Unfortunately, the cost doesn’t give your dog an extra seat. They must stay under the seat in front of you if they’re in the cabin. Otherwise, dogs in cargo will be in a different area of the plane during the flight.

Which Airlines Allow Flights for Dogs?

Most airlines allow dogs to some extent, but some only allow dogs in the cabin, not in cargo. Regulations may change too, so the most current information can be found on the airline's website.

Here’s a list of popular airlines that allow dogs:

  • Air Canada (Cabin and cargo)

  • Air Europa (Cabin and cargo)

  • Air France (Cabin and cargo)

  • Alaska Airlines (Cabin and cargo)

  • Allegiant Air (Cabin only)

  • American Airlines (Cabin only, unless in special circumstances)

  • Delta Air Lines (Cabin and cargo)

  • Frontier Airlines (Cabin only)

  • Hawaiian Airlines (Cabin and cargo)

  • JetBlue (Cabin only)

  • KLM (Cabin and cargo)

  • Lufthansa (Cabin and cargo)

  • Southwest (Cabin only)

  • Spirit (Cabin only)

  • United Airlines (Cabin and cargo)

When I lived in Florida for college, I regularly flew back to Wisconsin with my dog to visit my family. Frontier, Southwest, and Allegiant were all airlines that we went on with no issues.

My dog Mabel in her airplane carrier
Here's another photo of my dog in her airplane carrier

Preparing for Your Flight

Flying with a dog requires a lot more preparation than flying by yourself. Here are a few steps to follow for your first time with dogs on airplanes.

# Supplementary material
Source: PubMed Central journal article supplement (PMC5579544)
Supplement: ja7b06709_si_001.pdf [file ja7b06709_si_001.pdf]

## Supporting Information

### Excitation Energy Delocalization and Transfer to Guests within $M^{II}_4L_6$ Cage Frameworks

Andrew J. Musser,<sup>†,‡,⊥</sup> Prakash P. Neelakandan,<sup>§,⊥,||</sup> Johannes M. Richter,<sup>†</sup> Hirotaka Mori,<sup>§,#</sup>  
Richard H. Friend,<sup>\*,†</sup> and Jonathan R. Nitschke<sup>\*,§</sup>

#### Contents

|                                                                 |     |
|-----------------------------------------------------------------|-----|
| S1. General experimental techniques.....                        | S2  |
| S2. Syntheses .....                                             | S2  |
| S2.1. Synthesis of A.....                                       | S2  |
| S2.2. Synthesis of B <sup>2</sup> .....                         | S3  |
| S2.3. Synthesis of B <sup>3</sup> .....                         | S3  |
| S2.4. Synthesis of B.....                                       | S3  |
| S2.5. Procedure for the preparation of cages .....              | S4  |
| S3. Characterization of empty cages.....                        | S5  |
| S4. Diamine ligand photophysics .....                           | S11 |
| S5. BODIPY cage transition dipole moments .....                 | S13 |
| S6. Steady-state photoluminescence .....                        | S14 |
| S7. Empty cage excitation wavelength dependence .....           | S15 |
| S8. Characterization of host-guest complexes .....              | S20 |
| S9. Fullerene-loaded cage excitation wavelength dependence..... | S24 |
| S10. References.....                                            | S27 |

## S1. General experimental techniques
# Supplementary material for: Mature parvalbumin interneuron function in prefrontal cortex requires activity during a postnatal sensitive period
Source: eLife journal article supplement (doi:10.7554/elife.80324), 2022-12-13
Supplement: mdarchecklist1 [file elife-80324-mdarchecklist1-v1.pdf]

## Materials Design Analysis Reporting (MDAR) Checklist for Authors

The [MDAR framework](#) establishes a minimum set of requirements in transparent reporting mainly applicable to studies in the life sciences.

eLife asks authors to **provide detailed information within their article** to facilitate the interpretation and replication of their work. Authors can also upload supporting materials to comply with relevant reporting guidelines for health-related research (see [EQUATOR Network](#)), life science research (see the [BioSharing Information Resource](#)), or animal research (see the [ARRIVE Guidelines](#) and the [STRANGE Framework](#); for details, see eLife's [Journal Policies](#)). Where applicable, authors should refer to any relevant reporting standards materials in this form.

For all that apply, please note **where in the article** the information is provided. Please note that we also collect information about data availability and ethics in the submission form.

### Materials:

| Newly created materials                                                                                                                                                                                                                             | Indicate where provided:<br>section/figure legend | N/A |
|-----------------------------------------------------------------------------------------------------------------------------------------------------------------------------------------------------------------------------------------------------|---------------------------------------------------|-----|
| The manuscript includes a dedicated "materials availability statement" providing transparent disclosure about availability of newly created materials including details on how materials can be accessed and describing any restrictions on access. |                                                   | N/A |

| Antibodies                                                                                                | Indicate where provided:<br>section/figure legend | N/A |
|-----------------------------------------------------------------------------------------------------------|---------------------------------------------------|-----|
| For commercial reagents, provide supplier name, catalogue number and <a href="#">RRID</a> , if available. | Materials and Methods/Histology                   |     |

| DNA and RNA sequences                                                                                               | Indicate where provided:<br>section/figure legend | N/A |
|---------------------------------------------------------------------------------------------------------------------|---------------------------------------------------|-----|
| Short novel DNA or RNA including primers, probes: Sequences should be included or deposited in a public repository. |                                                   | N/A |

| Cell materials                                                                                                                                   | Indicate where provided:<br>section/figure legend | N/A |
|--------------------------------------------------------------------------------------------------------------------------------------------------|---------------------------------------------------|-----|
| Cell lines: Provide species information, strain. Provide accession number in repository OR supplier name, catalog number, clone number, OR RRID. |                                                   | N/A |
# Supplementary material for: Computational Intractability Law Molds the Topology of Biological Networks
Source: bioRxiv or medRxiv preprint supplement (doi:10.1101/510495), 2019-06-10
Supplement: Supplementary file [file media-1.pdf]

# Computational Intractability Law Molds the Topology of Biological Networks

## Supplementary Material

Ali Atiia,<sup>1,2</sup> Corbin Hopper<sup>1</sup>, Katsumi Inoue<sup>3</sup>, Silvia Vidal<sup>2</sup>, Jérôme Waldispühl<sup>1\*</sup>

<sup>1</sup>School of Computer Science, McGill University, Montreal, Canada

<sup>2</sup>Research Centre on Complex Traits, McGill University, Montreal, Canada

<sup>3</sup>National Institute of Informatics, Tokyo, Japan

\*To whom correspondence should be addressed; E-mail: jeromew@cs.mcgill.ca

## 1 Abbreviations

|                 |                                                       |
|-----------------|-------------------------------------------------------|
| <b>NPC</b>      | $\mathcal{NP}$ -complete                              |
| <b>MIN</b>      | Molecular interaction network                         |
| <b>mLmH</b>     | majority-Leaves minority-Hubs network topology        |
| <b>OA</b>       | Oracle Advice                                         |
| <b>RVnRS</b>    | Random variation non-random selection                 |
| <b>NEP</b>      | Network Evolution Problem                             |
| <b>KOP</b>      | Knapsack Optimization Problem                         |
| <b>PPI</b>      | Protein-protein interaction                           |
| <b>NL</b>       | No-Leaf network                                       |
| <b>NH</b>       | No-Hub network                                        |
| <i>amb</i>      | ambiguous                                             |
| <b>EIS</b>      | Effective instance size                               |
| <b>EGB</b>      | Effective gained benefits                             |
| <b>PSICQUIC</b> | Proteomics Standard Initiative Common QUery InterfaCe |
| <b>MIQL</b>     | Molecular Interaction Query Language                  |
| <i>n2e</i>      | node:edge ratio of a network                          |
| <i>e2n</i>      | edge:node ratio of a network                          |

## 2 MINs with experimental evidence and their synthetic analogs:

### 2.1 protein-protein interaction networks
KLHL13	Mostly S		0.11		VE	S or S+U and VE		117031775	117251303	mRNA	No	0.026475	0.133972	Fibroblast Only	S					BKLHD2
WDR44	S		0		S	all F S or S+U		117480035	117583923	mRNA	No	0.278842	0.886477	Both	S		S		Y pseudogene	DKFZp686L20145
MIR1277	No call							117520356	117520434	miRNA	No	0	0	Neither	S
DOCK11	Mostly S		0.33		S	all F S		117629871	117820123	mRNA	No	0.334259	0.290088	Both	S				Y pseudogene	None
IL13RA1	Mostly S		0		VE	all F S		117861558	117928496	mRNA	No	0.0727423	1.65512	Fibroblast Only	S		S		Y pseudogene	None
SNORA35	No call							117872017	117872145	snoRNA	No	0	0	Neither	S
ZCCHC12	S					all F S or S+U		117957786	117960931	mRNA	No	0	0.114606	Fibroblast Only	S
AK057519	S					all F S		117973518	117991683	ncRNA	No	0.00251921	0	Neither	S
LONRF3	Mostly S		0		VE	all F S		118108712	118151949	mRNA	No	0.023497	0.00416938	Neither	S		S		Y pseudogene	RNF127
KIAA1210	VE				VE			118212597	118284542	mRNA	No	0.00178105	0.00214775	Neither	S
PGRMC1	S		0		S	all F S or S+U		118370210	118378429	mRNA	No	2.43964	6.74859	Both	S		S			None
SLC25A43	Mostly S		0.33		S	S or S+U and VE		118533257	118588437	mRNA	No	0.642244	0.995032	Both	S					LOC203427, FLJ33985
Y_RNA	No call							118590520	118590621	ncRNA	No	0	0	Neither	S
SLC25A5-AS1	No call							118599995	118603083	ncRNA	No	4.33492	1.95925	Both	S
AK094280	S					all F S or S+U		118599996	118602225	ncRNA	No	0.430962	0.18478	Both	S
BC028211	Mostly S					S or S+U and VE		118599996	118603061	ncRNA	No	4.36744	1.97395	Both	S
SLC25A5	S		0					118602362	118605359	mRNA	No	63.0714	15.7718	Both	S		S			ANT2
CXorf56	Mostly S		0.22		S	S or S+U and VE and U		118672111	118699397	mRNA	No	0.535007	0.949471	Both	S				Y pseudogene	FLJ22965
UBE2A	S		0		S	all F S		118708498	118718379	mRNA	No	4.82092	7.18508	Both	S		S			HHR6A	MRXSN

Vet Visit

Before planning a flight with your dog, take them in for a vet checkup. Let your vet know that you want to fly with your pup for the first time, and they can let you know if it’s safe based on your dog’s health history.

If your dog is typically anxious or disruptive in new situations, your vet may prescribe a medication to help calm your dog. However, dogs that are naturally calm likely don’t need medications during the flight. My vet told me that my dog was calm enough to not need medication, and she was right. Mabel is typically so relaxed on flights that people assume she's on medication.

You will also want to make sure your dog is up to date on all their vaccinations during their vet visit since most airlines require some vaccines. Bring a copy of their vaccinations to the airport with you because you might be asked to show them.

Find a Pet Airline Carrier

There are lots of carriers for dogs on airplanes, but when choosing one, you need to make sure it fits the requirements of the airline you’re using. Many pet carriers are labeled as “airline approved,” but it’s still best to double-check airline policies. My dog uses a carrier like the Sherpa on Wheels Carrier. I've also heard good things about the Siivton Expandable Carrier and the Amazon Basics Pet Carrier.

The carrier you choose for the cabin should not only fit under the seat in front of you, but your dog should be able to comfortably stretch out and turn around in it. Measure your dog’s length and height, then check the carrier’s measurements to make sure they match. You may be able to test out some carriers at local pet supply stores too. That's what I did when finding a carrier for my dog.

The carrier’s material should be breathable with a padded bottom for comfort. Some carriers may have wheels for easier transport or expandable sides for giving your dog more space while waiting in the airport. The carrier I use for my dog has wheels so I can drag her behind me at the airport. She prefers it to being picked up, and it's way less tiring for me.

If you need a carrier for cargo, a durable kennel is usually the way to go. The kennel you choose should give your dog space to turn around while still fitting into the airline’s size restrictions.